WaPo: Words Die Hard on th eWeb
maule at law.villanova.edu
Wed Mar 7 11:39:48 PST 2007
1. Why should the constitutional law analysis be any different when dealing with an internet comment than with the comments that circulated in newspapers, personal notes, and hallway conversations long before there was an internet, and which, though reaching a generally smaller audience, were no less difficult to rebut (and in some instances more difficult to rebut because the fact of the comment often was denied whereas internet technology removes that "defense")?**
2. Though off-topic other than how it reflects on the analysis of question 1, why is it so difficult for employers to take time to learn and understand the limitations of their ever more popular "googling" approach to screening candidates, aside from laziness, ignorance, or unwillingness to invest time and resources?
3. The cited article reeks of grounds for legal action (e.g., unauthorized use of a person's photograph), and yet the claims of "nothing can be done legally" pop up throughout the article. If there indeed are legal justifications for certain remedies that fall short of constitutional claims or defenses, does that not matter to the analysis of the constitutional overtones?
** Some years ago, the late Dick Turkington (the guru of privacy law and a fine colleague) and I talked about the impact of internet technology on privacy law (including some of its constitutional aspects). He claimed that because the internet made it easier to dig up information (such as collating a person's police record from multiple police departments by searching newspapers nationally) that the law needed to evolve new rules. I disagreed, pointing out that the internet did not make new things POSSIBLE, merely EASIER. At best, it bore on the question of damages, because the more widely disseminated the actionable speech, theoretically the higher the damages (assuming causation exists). I understand, though, that the "debate" Dick and I had in the mid 90s continues, though unfortunately without his insights.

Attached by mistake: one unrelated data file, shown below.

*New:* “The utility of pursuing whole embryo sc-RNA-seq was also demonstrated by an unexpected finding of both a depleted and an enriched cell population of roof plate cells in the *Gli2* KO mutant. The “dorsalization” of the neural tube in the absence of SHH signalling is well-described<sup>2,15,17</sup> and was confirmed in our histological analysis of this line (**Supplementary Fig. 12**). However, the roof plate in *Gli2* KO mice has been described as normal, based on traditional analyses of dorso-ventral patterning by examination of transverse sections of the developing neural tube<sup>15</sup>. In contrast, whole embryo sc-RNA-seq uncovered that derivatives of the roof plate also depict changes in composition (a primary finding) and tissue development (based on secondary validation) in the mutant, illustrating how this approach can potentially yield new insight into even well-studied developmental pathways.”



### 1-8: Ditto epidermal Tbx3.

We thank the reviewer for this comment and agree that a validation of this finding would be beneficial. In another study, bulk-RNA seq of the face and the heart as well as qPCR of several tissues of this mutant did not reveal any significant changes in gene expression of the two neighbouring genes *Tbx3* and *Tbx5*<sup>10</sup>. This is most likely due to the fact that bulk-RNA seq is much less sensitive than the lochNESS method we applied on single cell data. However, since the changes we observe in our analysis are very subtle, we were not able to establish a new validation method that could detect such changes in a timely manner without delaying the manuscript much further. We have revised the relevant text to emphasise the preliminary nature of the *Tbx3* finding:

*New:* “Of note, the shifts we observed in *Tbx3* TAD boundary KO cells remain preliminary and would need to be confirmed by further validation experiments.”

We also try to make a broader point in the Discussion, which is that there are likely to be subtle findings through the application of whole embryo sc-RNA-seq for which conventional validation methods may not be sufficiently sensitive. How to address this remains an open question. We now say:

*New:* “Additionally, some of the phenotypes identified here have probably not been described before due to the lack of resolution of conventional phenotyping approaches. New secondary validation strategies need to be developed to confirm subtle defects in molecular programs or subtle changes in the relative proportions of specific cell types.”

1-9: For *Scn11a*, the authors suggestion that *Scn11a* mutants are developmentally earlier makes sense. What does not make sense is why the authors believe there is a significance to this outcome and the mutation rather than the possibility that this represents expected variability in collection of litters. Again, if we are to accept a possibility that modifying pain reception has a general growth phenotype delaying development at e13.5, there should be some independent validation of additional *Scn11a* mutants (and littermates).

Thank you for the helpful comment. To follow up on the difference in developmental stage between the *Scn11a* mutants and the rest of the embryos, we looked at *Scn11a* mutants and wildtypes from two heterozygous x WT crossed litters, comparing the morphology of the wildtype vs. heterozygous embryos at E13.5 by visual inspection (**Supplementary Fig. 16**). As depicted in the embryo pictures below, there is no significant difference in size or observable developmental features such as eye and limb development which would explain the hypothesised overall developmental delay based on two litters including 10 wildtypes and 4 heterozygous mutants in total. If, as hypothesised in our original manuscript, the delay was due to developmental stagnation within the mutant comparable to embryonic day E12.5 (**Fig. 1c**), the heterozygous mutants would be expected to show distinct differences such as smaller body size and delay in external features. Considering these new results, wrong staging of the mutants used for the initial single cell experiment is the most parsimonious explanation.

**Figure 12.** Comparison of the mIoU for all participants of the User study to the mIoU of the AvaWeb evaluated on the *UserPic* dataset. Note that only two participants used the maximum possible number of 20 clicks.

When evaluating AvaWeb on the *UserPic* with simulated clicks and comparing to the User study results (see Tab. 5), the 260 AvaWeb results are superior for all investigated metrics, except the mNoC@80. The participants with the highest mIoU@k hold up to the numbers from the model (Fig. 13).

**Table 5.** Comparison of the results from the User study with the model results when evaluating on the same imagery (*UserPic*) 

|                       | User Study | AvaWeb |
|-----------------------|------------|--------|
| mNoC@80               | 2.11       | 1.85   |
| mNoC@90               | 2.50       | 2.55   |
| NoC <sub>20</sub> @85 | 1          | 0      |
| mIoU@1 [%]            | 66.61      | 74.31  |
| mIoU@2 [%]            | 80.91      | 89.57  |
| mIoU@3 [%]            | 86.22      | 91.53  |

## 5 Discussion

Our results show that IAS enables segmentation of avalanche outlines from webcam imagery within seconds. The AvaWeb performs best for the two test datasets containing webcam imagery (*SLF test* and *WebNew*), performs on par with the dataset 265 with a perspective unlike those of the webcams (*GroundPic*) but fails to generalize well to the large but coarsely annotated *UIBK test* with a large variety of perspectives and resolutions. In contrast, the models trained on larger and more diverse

>>> "Lynne Henderson" <hendersl at ix.netcom.com> 3/7/2007 2:22:38 PM >>>
Harsh Words Die Hard on the Web - washingtonpost.comOn a serious side--this is harmful speech and virtually impossible to respond to, no/ Although a correctio nsite has been started. . . .
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Harsh Words Die Hard on the Web
By Ellen Nakashima
She graduated Phi Beta Kappa, has published in top legal journals and completed internships at leading institutions in her field. So when the Yale law student interviewed with 16 firms for a job this summer, she was concerned that she had only four call-backs. She was stunned when she had zero...
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